Re: Health Food safety Cutting Boards Re: colored cutting boards
From: fergyb2 (
Date: Sat, 16 Mar 2013 16:08:32 -0700 (PDT)
Salt is one of the oldest anti-bacterial substances.  The phrase "to rub salt 
in my wounds" refers to the old military practice of doing just that to prevent 
        Bonnie Fergusson
        Swans market Cohousing
        Oakland, CA 

Sent from my iPad

On Mar 16, 2013, at 2:29 PM, "Wayne Tyson" <landrest [at]> wrote:

> Good stuff--thanks! I agree on the replication requirement; more should be 
> done, and done far better, on food safety and both bacteria and viruses. 
> Some labs can be trusted; others tell their clients what they want to hear 
> (and who knows how much actual testing was done and how well?).
> I have used vinegar too. In some cases I might use vinegar, soda, salt, 
> alcohol, and hot soapy water in addition to a four-hour sun-bath. But all of 
> this is deductive folklore; GIGO looms its ugly head.
> WT
> ----- Original Message ----- 
> From: "Karen Carlson" <kcarlson2 [at]>
> To: "Cohousing-L" <cohousing-l [at]>
> Sent: Saturday, March 16, 2013 1:15 PM
> Subject: Re: [C-L]_ colored cutting boards
>> Chefs Illustrated cleaned 3 wooden cutting boards (used for raw chicken? 
>> can't remember) using one of 3 methods: 1) hot soapy water, 2) bleach 
>> solution, 3) straight vinegar.  Their independent lab found all three 
>> methods equal and effective.  (I suspect if you have some particularly 
>> horrible viruses, the results could be different.)  Our prep island is a 
>> huge wood affair and we clean using straight vinegar and then food grade 
>> mineral oil.  Raw meat of any kind is processed on vinyl mats that go into 
>> the sanitizer.
>> The article has other good advice, such as don't wash chicken (wipe with 
>> wet paper towels) unless you're prepared to scrub your sink, handles of 
>> faucet, areas that the chicken dripped on etc.  Another good practice is 
>> instant read thermometers, esp for meat, but cooks here can't seem to see 
>> the benefit.  Sorry I can't find the article but I think it was probably 
>> 2010 or 2011.
>> I have heard that it was right here at UW-Madison that the benefits of 
>> wood in bacterial control was discovered but no matter where, it would 
>> need replication.
>> Karen
>> Arboretum Cohousing Community
>> Madison, Wi
>> On Mar 16, 2013, at 11:08 AM, Wayne Tyson wrote:
>>> Does anyone have a link to the follow-up studies?
>>> Folk "wisdom" is often wrong, but it's important that "science" be done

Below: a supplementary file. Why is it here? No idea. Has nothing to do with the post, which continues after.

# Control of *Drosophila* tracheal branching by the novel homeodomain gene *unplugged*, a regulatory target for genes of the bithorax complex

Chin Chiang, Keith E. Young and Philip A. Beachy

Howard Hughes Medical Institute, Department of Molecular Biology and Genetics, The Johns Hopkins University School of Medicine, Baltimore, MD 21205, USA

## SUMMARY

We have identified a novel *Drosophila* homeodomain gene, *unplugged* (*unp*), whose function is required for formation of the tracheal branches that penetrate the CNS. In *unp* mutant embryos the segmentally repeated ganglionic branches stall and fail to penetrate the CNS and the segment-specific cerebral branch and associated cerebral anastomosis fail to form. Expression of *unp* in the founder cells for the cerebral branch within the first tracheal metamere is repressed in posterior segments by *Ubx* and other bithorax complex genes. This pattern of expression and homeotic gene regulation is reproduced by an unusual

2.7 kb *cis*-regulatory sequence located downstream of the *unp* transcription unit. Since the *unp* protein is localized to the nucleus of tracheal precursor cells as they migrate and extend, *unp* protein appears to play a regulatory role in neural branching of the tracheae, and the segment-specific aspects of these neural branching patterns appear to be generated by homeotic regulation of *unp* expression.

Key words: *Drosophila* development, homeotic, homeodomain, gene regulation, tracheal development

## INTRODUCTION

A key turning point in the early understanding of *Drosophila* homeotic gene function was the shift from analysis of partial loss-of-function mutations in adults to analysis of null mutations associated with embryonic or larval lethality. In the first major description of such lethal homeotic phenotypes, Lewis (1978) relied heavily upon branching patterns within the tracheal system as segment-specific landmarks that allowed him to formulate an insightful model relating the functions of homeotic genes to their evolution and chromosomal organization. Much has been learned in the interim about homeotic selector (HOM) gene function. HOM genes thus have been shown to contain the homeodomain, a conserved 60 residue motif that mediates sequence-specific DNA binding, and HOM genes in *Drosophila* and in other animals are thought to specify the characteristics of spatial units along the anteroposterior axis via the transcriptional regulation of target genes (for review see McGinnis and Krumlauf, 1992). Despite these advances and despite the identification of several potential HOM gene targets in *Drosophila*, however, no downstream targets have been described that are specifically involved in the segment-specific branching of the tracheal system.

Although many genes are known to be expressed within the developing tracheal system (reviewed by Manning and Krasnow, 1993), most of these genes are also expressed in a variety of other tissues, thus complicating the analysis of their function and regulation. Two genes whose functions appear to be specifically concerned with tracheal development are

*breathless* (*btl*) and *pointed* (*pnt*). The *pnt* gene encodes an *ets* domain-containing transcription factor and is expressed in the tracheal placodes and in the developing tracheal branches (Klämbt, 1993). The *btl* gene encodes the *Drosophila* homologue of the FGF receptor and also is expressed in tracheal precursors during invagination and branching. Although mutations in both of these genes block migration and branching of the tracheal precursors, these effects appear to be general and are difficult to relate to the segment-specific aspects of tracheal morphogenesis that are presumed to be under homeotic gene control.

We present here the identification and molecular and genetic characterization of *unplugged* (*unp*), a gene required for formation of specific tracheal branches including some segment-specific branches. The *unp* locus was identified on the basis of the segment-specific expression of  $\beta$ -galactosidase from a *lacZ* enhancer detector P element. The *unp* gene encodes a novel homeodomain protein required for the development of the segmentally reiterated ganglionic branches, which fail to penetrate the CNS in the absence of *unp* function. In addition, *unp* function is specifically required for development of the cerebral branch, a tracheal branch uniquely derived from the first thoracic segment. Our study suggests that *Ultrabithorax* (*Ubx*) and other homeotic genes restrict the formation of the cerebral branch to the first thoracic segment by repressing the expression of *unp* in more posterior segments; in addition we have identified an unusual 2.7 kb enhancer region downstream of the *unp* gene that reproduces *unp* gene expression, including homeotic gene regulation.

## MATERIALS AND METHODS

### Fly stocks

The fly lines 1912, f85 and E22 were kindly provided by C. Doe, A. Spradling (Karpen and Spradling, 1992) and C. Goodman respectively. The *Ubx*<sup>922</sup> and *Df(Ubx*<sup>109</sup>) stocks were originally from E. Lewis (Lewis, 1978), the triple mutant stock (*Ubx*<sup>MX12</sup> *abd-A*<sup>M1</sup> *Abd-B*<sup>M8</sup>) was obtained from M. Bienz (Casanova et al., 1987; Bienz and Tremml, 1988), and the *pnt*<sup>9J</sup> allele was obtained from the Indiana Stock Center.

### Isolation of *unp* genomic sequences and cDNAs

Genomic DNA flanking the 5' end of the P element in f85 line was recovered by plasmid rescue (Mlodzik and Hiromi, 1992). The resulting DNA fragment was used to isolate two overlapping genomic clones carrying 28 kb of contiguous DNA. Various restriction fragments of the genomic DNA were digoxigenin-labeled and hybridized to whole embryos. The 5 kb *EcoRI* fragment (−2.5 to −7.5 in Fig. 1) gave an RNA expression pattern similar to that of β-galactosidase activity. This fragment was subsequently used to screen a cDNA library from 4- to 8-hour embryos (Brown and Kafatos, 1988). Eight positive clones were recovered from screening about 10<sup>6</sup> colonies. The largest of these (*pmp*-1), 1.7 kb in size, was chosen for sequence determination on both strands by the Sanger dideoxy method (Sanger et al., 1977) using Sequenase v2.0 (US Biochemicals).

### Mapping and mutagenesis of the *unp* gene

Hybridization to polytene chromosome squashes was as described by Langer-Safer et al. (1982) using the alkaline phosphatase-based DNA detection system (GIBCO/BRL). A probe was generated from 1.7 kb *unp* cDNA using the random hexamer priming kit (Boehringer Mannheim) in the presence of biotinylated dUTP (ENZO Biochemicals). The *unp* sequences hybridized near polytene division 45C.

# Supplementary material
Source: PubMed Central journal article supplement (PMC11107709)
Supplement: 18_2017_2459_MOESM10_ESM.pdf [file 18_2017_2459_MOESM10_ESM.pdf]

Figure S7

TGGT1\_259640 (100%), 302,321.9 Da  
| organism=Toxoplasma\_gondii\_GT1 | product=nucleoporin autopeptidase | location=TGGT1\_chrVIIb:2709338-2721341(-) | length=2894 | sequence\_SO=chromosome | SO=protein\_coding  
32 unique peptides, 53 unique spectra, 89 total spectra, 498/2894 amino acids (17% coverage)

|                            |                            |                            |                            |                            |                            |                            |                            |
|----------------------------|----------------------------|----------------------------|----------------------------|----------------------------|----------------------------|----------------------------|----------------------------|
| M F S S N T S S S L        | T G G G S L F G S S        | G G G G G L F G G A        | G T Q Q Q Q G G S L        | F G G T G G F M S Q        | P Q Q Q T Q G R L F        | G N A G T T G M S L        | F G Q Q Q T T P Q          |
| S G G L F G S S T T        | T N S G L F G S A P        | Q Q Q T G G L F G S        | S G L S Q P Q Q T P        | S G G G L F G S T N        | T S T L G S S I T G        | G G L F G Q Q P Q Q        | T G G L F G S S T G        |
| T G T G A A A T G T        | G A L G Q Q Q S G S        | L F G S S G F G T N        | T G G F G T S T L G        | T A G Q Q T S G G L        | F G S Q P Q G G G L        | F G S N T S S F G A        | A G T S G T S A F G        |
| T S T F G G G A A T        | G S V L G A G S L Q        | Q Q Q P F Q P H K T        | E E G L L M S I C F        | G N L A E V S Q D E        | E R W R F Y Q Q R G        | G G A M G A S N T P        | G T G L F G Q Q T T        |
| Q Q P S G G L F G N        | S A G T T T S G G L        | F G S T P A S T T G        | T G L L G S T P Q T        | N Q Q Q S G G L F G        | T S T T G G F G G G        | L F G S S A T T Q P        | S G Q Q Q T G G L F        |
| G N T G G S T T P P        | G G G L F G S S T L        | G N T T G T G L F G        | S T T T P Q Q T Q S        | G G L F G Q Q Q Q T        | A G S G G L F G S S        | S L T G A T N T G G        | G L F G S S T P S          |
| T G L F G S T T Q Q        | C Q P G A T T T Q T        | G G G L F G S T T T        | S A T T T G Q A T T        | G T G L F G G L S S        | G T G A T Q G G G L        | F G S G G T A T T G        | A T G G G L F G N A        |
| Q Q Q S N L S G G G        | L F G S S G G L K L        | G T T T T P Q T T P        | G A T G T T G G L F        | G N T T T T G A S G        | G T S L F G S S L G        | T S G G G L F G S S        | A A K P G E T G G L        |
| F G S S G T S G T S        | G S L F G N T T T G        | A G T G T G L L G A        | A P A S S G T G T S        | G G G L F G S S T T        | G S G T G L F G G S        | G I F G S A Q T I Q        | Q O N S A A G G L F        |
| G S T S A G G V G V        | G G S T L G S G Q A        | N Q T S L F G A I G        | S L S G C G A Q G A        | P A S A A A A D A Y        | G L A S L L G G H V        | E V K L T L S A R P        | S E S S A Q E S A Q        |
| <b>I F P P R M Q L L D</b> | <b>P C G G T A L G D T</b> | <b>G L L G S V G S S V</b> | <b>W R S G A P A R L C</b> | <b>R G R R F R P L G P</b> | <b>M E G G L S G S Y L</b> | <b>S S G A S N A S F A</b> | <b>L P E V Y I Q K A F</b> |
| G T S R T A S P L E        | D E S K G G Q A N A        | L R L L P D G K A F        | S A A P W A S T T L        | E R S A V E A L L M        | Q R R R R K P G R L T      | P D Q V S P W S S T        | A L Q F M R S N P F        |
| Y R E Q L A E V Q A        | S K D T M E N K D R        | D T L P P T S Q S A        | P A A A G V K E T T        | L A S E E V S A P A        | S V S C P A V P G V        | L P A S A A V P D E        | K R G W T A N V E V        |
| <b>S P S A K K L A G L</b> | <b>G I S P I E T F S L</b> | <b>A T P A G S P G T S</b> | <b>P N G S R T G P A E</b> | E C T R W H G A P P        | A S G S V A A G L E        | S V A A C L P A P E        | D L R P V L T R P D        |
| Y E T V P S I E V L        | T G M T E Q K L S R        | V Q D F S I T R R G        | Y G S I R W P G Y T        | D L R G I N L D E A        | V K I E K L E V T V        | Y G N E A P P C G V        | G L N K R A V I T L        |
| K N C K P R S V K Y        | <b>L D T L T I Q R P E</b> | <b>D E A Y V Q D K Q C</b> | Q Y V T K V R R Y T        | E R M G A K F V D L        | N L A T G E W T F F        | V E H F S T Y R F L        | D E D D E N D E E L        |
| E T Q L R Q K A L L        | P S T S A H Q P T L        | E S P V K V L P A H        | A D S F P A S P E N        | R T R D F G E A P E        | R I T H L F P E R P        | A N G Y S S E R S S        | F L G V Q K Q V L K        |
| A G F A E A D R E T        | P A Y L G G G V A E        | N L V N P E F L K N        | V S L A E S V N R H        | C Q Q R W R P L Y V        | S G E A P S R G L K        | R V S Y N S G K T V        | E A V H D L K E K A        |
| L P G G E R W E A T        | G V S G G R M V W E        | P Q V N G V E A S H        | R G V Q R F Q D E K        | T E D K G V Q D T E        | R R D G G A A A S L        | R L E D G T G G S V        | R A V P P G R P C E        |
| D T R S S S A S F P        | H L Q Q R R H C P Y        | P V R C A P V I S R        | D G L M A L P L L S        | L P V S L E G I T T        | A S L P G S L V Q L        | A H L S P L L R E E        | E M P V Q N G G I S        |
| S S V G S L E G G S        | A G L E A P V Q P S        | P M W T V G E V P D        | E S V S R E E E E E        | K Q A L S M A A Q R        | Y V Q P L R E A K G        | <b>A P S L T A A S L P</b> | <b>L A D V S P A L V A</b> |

>>> right.
>>> The Japanese sushi chef I went to for almost forty years continually 
>>> wiped
>>> his board with a salt-soaked towel and scrubs his cutting board (wood, 
>>> but I
>>> never asked him what kind) with salt. It would be interesting to see 
>>> studies
>>> comparing the effectiveness and safety of various cleaning/disinfecting
>>> agents such as salt, alcohol, and bleach (I do not use bleach).
>>> I continue to suspend judgment on this issue until more good science has
>>> been done (I presume it has since the authors of the study declared that
>>> more research was needed, especially upon any anti-bacterial action woods
>>> might have, but can't find it on the Internet). I have no reason to doubt
>>> the 1993 research, especially since the authors themselves acknowledged 
>>> its
>>> limitations.
>>> Bacteria, like any other organism, have certain requirements for survival
>>> and, one might say, for killing. Certain environments promote them as 
>>> well
>>> as restrict them. The devil might well be in the details. the concern 
>>> about
>>> tiny, even microscopic fissures in cutting surfaces would reasonably 
>>> harbor
>>> bacteria. Wood is a complex material with different chemical and physical
>>> characteristics. Plastic is "inert," and unlikely to play an active role 
>>> in
>>> reducing bacterial contamination.
>>> I use both materials, I favor maple for its hardness and fine grain, but 
>>> I
>>> continue to use both salt and alcohol, and certainly restrict the type of
>>> food placed on any cutting board. I clean before and after each use, and
>>> always after cutting any kind of meat. However, bacteria can be present 
>>> on
>>> vegetables too, so continued cleaning, even between batches, is more wise
>>> than paranoid.
>>> WT
>>> ----- Original Message ----- 
>>> From: "Fred H Olson" <fholson [at]>
>>> To: "Cohousing-L mailing list" <cohousing-l [at]>
>>> Sent: Wednesday, February 13, 2013 4:57 AM
>>> Subject: [C-L]_ colored cutting boards [was: Re: Long Time Poster
>>>> On Feb 12/13 Chris ScottHanson wrote:
>>>>> And for those of you who haven't seen or don't remember the colored
>>>>> cutting board discussion way back when, it was very entertaining.
>>>>> Serious stuff and good humor.
>>>> Searching the archives at
>>>>   for
>>>> color* cutting board*
>>>> gets 25 hits, the first 15 look like they may be the discussion
>>>> Chris refers to.
>>>> Fred
>>>>> Chris ScottHanson
>>>>> Urban Cohousing Associates, Inc.
>>>>> Land Acquisition, Development Consulting & Project Management
>>>>> Ecovillages, Cohousing & Sustainable Communities
>>>>> PO Box 1288
>>>>> Langley, WA  98260
>>>>> (206) 601-7802 cell
>>>>> Author of:  The Cohousing Handbook - BUILDING A PLACE FOR COMMUNITY
>>>>> Available from new, used and as an eBook.
>>>> --
>>>> Fred H. Olson  Minneapolis,MN 55411  USA        (near north Mpls)
>>>>   Email:        fholson at      612-588-9532
>>>> My Link Pg:         My org:
>>>> Communications for Justice -- Free, superior listserv's w/o ads 
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